Steve Clarke has little to work with to cure Scotland’s defensive hangover

<span>Scott McTominay, Lawrence Shankland and Anthony Ralston react as Emre Can (second left) celebrates scoring <a class="link " href="" data-i13n="sec:content-canvas;subsec:anchor_text;elm:context_link" data-ylk="slk:Germany;sec:content-canvas;subsec:anchor_text;elm:context_link;itc:0">Germany</a>’s fifth goal against Scotland.</span><span>Photograph: Tom Jenkins/The Observer</span>

If only the dazed and confused look on the faces of Scotland supporters as they traipsed around a dreary Munich early on Saturday related solely to the impact of local beer.

The pounding suffered by Steve Clarke’s team in the Munich Football Arena only intensified that very feeling inside the heads of the Tartan Army. Scotland can and should lose to Germany at any time, just not in the humiliating circumstances of Friday’s 5-1 rout. Scotland had not been shown up in a tournament group stage in such fashion since the 7-0 loss to Uruguay at the 1954 World Cup.

The one saving grace was that those punters could be spared the video nasty being pored over by the Scotland squad on the morning after the night before. Rabbits and headlights sprung to mind the first time around. Clarke faces a delicate balancing act: the glaring shortcomings on show have to be addressed without already fragile confidence being shattered before Wednesday’s key clash with Switzerland.

Scotland have the oldest squad in this competition, so there is no excuse for stage fright. Clarke must have sleepless nights over his team’s defensive generosity. This has become a theme. Scotland not only lose lots of goals but in all manner of forms. When Emre Can curled home Germany’s fifth, Scotland had shipped 26 goals in 10 games since Cyprus were swatted aside last September. Gulp. The only clean sheet in that spell came against Gibraltar. If Scotland cannot regain the defensive plot, they will join teams of the past in making an early tournament exit. Scotland do not score nearly enough to be so wobbly at the back. This combination is a fatal one.

There are two elements to the ominous goals against column. Nobody can seriously begrudge Scotland losing to Germany, France, England or the Netherlands. What is unacceptable is the ease with which these teams breeze through the defence. Scotland actually played pretty well in Amsterdam before shipping three goals in the closing 18 minutes. On Friday it was two and game over inside the first 20. The starting point for any positive result against superior opposition is a solid base; Scotland do not appear to have one. They look physically and mentally fragile.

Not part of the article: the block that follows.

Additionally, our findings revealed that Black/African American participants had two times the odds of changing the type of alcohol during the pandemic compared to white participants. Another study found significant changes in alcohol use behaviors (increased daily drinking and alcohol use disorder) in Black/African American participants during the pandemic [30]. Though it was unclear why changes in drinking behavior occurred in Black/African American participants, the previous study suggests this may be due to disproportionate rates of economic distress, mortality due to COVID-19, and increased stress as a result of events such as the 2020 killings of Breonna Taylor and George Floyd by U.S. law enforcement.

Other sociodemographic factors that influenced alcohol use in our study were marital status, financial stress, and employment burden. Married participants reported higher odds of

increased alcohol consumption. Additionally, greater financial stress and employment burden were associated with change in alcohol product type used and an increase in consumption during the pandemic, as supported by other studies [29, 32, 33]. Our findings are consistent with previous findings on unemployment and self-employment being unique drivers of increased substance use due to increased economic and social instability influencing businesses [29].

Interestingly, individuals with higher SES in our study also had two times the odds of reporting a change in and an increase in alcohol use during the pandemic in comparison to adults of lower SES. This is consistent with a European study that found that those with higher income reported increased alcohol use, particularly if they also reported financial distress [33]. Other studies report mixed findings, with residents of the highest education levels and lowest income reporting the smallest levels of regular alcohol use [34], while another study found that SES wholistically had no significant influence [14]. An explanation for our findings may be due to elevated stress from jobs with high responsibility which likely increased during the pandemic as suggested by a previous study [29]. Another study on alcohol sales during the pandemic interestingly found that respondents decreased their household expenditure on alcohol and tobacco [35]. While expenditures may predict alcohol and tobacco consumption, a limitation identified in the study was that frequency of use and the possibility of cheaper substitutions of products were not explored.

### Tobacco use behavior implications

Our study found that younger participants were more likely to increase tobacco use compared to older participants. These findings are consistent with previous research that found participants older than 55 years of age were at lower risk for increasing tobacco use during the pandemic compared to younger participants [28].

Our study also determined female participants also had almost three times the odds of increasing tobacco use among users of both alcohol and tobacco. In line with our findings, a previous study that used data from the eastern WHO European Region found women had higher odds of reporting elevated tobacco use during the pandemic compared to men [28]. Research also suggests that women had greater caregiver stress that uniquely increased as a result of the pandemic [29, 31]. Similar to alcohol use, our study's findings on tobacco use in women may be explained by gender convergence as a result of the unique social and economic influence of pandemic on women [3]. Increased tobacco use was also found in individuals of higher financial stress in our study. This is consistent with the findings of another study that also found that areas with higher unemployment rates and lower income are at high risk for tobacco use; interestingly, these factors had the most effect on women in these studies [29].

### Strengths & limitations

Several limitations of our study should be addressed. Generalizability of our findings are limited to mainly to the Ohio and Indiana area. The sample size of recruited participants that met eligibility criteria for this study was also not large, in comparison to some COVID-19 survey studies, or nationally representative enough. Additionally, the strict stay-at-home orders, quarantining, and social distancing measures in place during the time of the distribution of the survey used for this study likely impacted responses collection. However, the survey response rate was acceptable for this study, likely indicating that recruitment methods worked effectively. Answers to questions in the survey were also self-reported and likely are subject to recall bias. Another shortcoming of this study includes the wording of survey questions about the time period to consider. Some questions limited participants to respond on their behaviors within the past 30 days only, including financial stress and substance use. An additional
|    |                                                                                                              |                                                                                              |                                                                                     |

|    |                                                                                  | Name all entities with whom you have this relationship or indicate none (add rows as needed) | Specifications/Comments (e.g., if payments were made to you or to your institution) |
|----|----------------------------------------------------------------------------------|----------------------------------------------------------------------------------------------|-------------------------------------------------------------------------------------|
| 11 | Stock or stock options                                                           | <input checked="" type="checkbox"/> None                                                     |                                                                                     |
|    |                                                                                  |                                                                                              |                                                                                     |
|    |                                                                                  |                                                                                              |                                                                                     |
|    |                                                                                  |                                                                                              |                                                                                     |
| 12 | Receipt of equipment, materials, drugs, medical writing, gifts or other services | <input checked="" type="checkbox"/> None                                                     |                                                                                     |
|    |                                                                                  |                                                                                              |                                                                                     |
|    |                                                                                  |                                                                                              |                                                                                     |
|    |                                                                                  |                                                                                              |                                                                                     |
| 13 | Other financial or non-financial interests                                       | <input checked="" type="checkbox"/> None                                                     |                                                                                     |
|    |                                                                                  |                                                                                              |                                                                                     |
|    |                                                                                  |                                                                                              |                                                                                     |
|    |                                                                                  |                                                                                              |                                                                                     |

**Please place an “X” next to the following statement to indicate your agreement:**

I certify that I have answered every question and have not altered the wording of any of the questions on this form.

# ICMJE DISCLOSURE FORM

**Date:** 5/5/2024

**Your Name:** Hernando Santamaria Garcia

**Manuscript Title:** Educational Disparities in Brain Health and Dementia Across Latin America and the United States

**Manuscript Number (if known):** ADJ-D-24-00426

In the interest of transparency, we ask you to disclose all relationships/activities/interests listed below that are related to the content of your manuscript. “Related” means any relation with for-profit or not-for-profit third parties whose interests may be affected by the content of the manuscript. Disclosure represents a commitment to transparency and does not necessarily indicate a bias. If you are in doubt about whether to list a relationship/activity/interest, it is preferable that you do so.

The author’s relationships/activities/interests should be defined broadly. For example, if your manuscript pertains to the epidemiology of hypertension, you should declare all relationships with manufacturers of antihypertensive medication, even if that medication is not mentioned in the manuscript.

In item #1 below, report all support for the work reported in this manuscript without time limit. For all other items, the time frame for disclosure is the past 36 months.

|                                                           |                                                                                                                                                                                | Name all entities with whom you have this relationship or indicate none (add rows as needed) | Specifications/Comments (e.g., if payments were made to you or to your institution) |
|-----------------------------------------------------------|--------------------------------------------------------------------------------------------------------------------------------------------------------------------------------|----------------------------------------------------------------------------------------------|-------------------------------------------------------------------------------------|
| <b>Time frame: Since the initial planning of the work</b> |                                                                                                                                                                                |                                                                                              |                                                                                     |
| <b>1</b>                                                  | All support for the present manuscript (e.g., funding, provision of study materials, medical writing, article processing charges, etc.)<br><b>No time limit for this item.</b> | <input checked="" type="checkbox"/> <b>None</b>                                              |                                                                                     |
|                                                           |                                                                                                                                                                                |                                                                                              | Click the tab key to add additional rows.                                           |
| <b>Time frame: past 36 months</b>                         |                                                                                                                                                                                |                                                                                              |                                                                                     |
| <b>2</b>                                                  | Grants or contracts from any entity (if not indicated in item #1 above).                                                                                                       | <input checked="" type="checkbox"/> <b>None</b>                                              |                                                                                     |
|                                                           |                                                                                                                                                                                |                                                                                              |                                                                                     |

The second galling statistical group shows Georgia put two past Scotland in this grim run, Norway notched three and Finland, having been 2-0 down at Hampden Park, were able to claim a deserved draw. Northern Ireland needed only one goal to win in Glasgow, caused by defensive calamity.

Focus will fall on the touch points of tactics and personnel. Clarke made interesting comments after the forgettable friendly win over Gibraltar this month. The manager suggested playing four in defence had been useful with the future in mind. Clarke has stuck pretty rigidly to a back three, a system deemed necessary to fit Andy Robertson and Kieran Tierney into the XI. If Clarke really is pondering a switch, Tierney’s role would become a point of intrigue. Robertson, as the Scotland captain, will always take his place at left-back.

The Germany episode was a collective Scotland failure. The midfield did nothing to assist defenders, either positionally or by landing effective tackles. Scott McTominay’s display was his worst in a Scotland jersey. Callum McGregor, technically an excellent footballer, looked overawed. The less said about the performance of John McGinn the better.

One glance at Clarke’s defensive options emphasises his conundrum. Angus Gunn once had aspirations of playing for England. At 28, the Norwich man is an average Championship goalkeeper who does nothing particularly special. He erred for two of Germany’s goals. This position is horribly problematic for Clarke, given the dearth of emerging talent.

Ryan Porteous displayed regular immaturity at Hibernian, which it seemed fair to assume had at least been tempered by a move to Watford. He proved a leopard cannot change its spots with the horrendous lunge on Ilkay Gündogan that reduced Scotland’s number.

Porteous had been preferred at centre-half to Grant Hanley, who missed the bulk of the season with Norwich. Hanley is a go-to guy for Clarke, yet in that Finland friendly he was flat-footed and ponderous. Scott McKenna has been deemed surplus to requirements at Nottingham Forest. Liam Cooper’s contract will not be renewed by Leeds. Jack Hendry is a decent option but only that; his switch to Saudi Arabia last summer did plenty for his bank balance but little for his competitive standing.

Aaron Hickey’s absence with a serious hamstring injury always looked the most damaging pre-tournament problem for Clarke. It was only when the Brentford player took his spot in the Scotland team that the broader fanbase realised how good he is. Without him the same has become even more clear. Scotland have no right-back with anything close to his defensive capability. The calmness of Hickey would have been oh so vital as Scotland players ran around with their hair on fire against Gündogan and co.

Scotland have bounced back from adversity before. After the infamous loss to Costa Rica in the 1990 World Cup, Sweden were seen off in Genoa. A similarly stirring response is needed against Switzerland. For that to transpire, Clarke – once a defender of high standing – must reboot his shoogly backline. Without that, Scotland are destined to be known as the gift that keeps on giving: goals.